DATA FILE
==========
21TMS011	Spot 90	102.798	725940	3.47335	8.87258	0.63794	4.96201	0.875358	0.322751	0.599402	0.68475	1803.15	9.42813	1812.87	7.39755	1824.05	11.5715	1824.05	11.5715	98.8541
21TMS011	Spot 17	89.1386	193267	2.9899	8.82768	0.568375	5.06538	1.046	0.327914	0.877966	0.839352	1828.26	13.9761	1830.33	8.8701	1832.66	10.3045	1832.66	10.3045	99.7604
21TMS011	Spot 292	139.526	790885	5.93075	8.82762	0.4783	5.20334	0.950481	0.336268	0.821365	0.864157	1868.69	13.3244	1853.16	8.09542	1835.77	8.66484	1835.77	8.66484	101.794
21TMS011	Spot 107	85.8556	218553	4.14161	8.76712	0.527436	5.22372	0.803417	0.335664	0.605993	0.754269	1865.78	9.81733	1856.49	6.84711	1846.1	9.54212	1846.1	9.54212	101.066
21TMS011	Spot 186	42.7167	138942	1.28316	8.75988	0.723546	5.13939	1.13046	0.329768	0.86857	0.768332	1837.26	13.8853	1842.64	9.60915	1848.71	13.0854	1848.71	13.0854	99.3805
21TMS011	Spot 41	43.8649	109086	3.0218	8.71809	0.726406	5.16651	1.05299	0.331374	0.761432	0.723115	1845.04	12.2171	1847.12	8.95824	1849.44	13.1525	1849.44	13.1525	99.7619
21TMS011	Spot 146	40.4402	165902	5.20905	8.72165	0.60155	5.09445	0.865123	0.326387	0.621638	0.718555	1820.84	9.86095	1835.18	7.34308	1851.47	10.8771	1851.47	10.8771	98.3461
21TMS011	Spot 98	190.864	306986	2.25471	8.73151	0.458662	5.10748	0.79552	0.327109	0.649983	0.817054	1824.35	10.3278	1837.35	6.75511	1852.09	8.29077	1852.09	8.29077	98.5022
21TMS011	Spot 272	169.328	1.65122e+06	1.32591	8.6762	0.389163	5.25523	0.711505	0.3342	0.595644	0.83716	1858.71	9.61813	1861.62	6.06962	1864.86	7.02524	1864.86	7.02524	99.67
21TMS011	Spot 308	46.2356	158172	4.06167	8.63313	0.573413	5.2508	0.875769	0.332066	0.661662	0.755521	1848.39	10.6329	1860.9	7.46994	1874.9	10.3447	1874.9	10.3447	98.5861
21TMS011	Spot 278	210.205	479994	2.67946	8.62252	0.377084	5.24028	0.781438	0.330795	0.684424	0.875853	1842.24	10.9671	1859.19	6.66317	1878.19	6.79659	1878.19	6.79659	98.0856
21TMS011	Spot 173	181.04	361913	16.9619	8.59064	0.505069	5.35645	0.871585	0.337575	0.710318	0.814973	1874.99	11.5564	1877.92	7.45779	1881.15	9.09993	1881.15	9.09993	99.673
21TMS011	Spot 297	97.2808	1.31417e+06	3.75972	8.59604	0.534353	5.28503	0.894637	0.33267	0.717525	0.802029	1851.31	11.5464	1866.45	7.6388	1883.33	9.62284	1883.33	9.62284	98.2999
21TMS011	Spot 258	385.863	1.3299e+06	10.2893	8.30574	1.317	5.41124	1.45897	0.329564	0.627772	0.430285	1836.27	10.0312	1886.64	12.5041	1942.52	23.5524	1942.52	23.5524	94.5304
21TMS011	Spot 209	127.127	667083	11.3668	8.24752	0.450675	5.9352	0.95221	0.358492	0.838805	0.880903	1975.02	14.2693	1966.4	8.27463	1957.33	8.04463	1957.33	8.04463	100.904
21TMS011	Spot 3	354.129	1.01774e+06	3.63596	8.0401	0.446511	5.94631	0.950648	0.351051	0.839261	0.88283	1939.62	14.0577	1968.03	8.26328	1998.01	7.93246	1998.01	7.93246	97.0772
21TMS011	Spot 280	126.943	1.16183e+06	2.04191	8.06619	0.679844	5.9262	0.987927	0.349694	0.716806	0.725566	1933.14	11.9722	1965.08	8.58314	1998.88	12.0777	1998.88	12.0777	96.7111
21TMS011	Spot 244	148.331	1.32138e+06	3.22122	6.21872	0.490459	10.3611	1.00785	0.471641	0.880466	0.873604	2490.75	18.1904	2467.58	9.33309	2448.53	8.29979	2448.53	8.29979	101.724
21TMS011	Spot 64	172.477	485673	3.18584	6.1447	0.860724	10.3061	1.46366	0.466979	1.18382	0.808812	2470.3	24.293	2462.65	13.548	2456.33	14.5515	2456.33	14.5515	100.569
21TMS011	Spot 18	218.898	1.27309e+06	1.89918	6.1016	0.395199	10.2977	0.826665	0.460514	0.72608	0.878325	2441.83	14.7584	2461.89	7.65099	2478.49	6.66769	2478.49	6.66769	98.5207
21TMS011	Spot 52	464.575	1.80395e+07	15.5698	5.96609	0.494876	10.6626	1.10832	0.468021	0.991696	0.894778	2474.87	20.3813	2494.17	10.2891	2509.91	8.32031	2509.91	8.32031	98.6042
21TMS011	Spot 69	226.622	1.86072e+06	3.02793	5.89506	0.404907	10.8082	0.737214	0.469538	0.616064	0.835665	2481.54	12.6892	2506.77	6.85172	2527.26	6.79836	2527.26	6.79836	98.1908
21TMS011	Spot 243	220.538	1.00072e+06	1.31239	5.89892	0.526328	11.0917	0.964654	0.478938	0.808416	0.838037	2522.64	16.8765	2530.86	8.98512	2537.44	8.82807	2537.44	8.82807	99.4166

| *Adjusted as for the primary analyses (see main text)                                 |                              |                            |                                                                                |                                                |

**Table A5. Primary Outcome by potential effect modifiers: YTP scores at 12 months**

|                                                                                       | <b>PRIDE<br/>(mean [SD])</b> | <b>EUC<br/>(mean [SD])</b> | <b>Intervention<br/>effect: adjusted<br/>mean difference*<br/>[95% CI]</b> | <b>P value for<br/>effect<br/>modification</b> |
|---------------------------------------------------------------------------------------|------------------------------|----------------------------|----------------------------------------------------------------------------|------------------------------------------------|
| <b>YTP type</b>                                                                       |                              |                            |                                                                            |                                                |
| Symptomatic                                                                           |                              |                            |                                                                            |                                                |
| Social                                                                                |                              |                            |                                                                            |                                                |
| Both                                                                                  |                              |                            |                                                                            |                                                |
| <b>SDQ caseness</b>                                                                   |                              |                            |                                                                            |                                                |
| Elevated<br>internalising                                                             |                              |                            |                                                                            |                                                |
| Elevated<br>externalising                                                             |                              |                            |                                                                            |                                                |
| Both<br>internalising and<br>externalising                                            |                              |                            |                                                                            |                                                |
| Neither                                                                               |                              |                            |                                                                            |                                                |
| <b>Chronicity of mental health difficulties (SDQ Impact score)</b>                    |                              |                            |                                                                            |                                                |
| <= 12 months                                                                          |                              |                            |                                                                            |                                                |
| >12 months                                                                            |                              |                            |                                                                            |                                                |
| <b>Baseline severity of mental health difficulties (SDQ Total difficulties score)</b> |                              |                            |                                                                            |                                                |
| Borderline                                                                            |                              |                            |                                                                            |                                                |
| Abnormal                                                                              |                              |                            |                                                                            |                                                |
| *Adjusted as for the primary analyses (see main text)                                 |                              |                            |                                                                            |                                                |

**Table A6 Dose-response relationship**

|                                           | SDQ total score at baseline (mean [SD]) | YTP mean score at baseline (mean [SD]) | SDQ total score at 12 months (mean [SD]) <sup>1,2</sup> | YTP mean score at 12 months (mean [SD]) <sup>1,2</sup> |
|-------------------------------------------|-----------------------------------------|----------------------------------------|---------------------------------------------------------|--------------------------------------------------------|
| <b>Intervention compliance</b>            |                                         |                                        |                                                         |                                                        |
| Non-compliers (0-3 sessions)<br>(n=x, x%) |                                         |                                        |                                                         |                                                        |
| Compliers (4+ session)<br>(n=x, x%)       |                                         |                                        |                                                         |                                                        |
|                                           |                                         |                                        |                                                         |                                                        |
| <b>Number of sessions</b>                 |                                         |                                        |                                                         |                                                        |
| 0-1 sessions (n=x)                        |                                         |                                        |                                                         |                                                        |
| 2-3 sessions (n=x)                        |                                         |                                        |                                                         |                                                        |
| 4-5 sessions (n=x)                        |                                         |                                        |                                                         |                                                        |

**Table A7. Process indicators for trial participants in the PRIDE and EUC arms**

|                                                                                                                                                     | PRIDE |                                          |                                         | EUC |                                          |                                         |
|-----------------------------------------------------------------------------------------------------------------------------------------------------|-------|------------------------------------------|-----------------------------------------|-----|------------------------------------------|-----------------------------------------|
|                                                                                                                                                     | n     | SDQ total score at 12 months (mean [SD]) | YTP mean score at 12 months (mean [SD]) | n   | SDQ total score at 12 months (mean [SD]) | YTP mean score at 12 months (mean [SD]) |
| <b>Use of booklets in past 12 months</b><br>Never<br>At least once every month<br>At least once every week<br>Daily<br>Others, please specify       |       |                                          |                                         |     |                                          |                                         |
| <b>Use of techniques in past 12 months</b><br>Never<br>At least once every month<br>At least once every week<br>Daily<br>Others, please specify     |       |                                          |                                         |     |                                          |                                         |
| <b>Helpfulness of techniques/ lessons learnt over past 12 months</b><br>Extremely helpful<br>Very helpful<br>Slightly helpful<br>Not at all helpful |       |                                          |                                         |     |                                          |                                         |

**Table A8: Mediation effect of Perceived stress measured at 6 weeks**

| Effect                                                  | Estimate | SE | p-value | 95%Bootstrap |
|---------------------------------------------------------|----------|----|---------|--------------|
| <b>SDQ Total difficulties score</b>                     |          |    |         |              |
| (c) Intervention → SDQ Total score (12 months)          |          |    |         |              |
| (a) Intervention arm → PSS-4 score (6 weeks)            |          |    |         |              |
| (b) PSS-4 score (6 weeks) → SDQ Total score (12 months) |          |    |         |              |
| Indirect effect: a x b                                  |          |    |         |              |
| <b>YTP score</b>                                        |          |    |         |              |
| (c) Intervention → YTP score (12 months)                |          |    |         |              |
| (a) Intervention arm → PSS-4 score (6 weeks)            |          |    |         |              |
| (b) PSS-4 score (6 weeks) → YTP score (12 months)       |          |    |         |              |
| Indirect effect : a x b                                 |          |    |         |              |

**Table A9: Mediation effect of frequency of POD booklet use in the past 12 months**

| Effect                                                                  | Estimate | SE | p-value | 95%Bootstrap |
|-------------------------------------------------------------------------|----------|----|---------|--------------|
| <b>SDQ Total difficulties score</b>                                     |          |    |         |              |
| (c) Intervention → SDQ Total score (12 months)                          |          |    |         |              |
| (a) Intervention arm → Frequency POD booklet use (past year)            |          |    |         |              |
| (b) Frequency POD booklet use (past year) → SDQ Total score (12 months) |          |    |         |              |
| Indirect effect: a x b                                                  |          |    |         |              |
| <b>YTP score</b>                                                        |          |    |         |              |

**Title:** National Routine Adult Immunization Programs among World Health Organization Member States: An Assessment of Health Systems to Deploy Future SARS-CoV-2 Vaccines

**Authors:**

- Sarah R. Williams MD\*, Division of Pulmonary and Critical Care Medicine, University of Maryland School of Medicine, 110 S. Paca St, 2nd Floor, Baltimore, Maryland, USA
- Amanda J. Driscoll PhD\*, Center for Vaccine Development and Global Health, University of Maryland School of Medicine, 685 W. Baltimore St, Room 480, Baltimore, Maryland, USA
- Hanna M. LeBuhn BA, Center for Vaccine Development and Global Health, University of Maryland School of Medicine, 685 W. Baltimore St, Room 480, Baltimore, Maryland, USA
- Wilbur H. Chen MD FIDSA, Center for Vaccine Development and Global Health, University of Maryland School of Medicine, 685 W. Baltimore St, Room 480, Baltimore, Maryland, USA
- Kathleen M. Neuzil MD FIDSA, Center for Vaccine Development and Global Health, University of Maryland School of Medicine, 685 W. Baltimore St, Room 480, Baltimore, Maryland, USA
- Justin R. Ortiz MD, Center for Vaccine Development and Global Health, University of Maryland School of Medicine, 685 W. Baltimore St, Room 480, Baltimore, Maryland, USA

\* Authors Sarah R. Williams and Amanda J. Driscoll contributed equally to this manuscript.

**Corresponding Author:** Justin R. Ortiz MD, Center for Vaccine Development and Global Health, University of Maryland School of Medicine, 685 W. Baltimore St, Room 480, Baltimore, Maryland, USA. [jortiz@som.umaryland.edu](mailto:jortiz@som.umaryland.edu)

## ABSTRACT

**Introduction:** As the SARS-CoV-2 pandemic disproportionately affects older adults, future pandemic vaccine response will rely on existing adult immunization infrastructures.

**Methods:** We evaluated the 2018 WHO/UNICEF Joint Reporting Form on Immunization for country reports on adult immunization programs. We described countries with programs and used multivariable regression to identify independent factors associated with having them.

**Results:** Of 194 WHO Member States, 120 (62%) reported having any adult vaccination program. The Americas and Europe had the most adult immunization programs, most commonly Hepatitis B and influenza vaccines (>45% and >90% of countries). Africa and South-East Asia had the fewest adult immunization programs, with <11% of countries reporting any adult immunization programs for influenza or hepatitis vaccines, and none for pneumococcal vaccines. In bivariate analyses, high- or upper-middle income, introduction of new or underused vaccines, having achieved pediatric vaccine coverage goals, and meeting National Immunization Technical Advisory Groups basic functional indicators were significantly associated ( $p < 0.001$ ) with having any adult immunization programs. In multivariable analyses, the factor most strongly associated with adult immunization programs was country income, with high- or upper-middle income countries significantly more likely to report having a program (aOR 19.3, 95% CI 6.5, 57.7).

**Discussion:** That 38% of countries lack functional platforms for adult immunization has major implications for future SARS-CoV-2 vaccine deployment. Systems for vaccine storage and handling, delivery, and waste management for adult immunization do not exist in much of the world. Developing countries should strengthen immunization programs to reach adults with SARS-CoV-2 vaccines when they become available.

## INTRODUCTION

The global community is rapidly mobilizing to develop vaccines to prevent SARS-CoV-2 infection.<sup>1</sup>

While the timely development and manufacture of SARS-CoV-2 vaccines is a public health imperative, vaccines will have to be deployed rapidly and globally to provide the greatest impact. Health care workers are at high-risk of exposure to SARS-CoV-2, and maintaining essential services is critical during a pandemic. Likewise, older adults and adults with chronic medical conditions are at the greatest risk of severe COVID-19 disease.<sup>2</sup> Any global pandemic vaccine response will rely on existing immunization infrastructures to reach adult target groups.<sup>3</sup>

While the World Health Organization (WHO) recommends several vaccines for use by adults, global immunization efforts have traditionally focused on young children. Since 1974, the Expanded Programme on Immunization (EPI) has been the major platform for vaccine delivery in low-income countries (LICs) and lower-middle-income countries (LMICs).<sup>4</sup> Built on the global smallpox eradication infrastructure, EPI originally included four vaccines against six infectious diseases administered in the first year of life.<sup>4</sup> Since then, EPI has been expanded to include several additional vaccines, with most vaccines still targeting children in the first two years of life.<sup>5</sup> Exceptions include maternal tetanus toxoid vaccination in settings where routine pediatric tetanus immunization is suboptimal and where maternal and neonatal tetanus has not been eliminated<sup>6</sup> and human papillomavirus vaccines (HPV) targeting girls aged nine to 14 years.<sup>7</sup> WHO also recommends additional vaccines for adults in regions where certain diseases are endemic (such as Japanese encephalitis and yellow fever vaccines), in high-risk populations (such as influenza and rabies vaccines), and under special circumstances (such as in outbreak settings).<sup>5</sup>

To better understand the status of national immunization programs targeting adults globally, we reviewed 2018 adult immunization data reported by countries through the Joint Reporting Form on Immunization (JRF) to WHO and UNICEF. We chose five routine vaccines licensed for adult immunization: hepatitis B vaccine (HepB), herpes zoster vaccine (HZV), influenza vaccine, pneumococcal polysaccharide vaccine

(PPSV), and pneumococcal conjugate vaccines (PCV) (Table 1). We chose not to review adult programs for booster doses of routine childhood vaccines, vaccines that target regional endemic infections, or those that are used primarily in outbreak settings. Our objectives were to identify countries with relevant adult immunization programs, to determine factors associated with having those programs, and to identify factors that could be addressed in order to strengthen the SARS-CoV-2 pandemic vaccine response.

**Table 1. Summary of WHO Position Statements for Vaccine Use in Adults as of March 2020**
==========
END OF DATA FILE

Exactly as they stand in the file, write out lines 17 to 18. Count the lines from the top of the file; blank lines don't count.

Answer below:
21TMS011	Spot 280	126.943	1.16183e+06	2.04191	8.06619	0.679844	5.9262	0.987927	0.349694	0.716806	0.725566	1933.14	11.9722	1965.08	8.58314	1998.88	12.0777	1998.88	12.0777	96.7111
21TMS011	Spot 244	148.331	1.32138e+06	3.22122	6.21872	0.490459	10.3611	1.00785	0.471641	0.880466	0.873604	2490.75	18.1904	2467.58	9.33309	2448.53	8.29979	2448.53	8.29979	101.724